The Lomography Gallery resides today at 41 W. 8th Street. Lomography is a magazine, a shop, and a community dedicated to analogue photography based on Lomo Kompakt Automat, a small, enigmatic Russian camera that produces experimental, colorful images.

Googling The Doll House Restaurant (postmarked June 1954) in Salt Lake City produced unexpected results. The restaurant is defunct but the DollHouse is an escort service and that is what initially turned up. Further sleuth work when Googling the address at 1518 South Main indicated that The Doll House Restaurant was reinvented as The Golden Dragon Restaurant, still in the same building as of June 2007. However, that restaurant moved to 1716 South State Street and is now called The New Golden Dragon Restaurant. Just as The Doll House Restaurant postcard proclaimed “Only the Finest in Food” – apparently the New Golden Dragon has the finest Dim Sum in Salt Lake. As for the DollHouse, they claim to employ Salt Lake’s hottest escorts.

Another wild goose chase which produced very little was the Hotel Stanley in Atlantic City. All I could locate were other vintage postcards, and what is stated on the back: A Cordial Welcome Awaits You. Ocean End of So. Carolina Avenue; Atlantic City’s House of Comfort and Plenty; Accommodates 500 Guests – Phone A.C. 46023; Large Veranda; Television; Patio; Dining Room; Dancing; Free Parking; Free Bathing From Hotel; Elevator to Street. There is no postmark on this unused card but it looks like circa 1940s. This was disappointing and without an exact address, I had to settle for Googling what currently exists around the Ocean End of South Carolina Avenue – a gift shop called Irene’s and closer to South Ocean Avenue is Massage Paradise.

The Hotel Chicagoan (postmarked May 1945) was built in 1932 at 67 W. Madison Street with 450 rooms as an addition to the adjacent Hotel Morrison. From September 1-2, 1940, the hotel hosted the 2nd World Science Fiction Convention (Worldcon), called Chicon I with 128 participants. In 1945, single rooms started at $2.75 a night and doubles from $4.40 a night. The Chase Tower now sits on the site of both hotels.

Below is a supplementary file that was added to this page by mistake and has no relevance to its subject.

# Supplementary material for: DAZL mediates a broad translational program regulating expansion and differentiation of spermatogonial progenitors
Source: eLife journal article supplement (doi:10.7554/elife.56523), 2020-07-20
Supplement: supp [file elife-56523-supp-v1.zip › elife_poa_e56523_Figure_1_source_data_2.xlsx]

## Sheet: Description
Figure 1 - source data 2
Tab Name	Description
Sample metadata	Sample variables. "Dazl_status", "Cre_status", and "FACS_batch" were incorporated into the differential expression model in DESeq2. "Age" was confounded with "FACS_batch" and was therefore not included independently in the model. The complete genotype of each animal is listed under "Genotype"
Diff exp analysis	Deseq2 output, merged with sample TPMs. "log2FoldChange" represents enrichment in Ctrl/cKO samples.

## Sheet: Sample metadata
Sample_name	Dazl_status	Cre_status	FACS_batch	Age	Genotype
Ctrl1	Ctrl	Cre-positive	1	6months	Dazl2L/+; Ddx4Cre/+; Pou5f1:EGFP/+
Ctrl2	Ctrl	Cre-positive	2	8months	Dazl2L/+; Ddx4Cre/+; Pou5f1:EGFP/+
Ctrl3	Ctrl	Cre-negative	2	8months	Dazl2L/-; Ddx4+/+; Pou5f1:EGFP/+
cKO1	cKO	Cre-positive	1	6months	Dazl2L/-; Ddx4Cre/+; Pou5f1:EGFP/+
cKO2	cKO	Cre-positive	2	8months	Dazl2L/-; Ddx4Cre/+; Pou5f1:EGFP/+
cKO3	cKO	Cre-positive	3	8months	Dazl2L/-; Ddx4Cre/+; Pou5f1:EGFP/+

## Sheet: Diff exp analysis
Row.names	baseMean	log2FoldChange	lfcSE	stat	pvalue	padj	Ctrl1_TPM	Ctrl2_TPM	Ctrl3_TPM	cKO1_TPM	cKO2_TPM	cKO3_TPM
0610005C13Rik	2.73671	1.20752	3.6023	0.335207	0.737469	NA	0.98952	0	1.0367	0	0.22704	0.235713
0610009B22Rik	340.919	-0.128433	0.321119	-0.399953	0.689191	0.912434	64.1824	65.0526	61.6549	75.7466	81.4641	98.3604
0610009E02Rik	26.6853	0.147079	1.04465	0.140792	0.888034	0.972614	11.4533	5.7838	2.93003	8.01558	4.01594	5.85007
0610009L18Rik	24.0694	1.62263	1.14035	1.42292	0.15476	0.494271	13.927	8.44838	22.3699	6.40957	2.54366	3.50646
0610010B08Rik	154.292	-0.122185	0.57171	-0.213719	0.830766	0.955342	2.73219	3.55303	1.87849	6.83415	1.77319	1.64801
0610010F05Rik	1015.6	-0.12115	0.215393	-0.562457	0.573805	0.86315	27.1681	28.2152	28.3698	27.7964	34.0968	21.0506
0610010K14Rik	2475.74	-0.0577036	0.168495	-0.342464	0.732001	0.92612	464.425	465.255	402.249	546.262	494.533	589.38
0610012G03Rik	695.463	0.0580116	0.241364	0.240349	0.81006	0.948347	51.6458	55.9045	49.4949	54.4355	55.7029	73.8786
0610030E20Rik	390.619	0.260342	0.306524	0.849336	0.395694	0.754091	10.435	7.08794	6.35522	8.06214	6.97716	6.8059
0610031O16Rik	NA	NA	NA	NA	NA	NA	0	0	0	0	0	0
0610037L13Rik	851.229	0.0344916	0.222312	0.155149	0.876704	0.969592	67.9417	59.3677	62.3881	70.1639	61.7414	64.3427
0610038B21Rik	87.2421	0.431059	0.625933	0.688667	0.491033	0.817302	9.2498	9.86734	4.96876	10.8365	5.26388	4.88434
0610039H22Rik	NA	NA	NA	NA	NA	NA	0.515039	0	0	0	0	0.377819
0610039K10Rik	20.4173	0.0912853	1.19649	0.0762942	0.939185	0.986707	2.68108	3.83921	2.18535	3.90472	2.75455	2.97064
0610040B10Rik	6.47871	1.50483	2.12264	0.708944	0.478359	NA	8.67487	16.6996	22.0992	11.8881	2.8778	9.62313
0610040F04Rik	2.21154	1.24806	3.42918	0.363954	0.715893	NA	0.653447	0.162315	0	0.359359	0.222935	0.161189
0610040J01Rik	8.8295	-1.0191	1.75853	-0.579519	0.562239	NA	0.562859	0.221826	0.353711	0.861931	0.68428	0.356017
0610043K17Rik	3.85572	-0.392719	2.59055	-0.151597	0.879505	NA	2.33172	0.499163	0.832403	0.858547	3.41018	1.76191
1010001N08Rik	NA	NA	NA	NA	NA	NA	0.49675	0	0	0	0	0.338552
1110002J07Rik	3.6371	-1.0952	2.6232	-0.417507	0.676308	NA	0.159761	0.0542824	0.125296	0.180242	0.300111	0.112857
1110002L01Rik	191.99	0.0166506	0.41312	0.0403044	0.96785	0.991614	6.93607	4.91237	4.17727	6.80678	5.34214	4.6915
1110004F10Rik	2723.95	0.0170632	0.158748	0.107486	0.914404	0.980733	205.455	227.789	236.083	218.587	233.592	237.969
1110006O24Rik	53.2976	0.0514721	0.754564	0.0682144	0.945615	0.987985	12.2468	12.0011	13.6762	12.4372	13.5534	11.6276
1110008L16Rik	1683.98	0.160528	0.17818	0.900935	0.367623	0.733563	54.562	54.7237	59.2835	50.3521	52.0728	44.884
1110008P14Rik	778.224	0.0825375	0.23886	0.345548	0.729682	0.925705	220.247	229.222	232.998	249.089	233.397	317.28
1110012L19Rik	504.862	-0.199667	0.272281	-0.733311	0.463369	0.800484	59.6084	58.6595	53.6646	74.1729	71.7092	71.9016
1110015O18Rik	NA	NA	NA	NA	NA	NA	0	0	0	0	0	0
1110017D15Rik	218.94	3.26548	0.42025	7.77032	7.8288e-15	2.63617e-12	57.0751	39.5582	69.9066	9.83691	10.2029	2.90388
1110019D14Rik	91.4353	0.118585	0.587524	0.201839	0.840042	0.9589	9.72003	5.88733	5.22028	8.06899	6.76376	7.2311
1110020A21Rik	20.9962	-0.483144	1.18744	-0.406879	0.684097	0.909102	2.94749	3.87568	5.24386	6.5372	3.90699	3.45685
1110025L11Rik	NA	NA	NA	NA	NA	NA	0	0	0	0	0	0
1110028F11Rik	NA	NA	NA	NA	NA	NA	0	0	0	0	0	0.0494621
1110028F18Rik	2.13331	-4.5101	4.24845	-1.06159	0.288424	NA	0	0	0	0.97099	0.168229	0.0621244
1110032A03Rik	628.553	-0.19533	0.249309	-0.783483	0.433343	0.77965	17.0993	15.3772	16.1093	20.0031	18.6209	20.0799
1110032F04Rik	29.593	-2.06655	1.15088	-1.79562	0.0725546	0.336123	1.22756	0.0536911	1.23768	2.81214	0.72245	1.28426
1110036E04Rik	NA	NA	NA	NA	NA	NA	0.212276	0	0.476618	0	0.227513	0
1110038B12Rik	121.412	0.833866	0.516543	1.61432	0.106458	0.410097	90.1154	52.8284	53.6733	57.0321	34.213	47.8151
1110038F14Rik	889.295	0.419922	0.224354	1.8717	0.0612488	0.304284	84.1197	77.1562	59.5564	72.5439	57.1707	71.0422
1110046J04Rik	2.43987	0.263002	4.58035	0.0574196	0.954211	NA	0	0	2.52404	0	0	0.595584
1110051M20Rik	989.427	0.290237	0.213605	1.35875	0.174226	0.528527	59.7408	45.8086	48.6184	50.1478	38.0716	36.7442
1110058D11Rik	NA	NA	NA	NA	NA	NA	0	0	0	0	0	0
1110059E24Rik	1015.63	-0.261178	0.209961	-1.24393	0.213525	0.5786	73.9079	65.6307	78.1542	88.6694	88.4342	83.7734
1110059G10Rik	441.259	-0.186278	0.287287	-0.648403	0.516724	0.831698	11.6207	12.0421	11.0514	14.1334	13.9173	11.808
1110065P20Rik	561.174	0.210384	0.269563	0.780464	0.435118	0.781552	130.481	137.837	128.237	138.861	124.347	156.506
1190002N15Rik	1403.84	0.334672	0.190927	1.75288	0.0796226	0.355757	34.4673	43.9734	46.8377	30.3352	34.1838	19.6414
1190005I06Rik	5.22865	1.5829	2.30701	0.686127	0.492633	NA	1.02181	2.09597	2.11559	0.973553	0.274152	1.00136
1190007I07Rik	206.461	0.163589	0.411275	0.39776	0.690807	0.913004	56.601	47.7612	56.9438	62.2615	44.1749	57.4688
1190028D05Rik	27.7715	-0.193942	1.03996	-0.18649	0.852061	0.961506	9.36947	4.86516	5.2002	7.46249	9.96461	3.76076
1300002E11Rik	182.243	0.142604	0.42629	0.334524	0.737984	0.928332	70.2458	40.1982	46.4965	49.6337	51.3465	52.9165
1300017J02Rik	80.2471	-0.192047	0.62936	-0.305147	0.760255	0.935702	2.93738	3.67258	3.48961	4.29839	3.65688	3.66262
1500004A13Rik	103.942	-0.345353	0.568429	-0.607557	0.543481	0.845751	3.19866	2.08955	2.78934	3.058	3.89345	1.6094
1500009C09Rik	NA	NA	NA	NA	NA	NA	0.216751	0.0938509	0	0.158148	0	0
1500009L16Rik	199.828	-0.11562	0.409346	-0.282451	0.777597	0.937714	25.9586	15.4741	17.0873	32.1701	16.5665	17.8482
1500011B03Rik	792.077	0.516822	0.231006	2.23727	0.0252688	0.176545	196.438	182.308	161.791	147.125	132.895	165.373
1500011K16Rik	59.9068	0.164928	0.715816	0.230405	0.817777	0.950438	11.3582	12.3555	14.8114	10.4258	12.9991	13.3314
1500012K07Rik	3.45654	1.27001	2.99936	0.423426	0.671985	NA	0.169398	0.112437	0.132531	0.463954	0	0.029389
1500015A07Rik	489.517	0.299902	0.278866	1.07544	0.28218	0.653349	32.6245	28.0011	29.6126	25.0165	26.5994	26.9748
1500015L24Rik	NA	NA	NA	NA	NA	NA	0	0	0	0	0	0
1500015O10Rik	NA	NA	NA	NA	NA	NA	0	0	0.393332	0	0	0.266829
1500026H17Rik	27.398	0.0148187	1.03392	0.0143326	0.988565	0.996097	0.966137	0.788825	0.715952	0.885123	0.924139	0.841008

A great bit of kitsch is the postcard of the Rest Room at Grundy’s Redwood Terraces on the Redwood Highway. This particular rest room was carved from a giant Redwood tree and was located on the Redwood Highway 22 miles south of Garberville. There were several others along the route. My Google search revealed that the closest town to the “She He” Rest Room is Leggett, an isolated little hamlet situated 175 miles north of San Francisco at the junction of US 101 and Coast Highway 1. It is known worldwide for its Chandelier Drive-Thru Tree. A drive along the Redwood Highway is a popular vacation destination with many intriguing sights, even if this bit of roadside kitsch no longer exists.

The last postcard is the most exotic and far afield – from Gibraltar, a British overseas territory located on the southern end of the Iberian Peninsula at the entrance of the Mediterranean Sea. The Whale Jaw’s Arch pictured in this card is still displayed in the Alameda Gardens (Gibraltar Botanic Gardens), but it looks like the bones have been cut down at the top.

The gardens, built in 1816, were laid out with numerous interconnecting paths and terraced beds, set out mainly with native Jurassic limestone rock that was tinted by the local red sand. Improvements through the early years included the introduction of gas lighting along the west side of Grand Parade and the erection, perhaps in 1842, of the archway made out of the whale jawbones. In researching this postcard, I discovered that whale jawbones displayed in public are not that uncommon, especially in Scotland.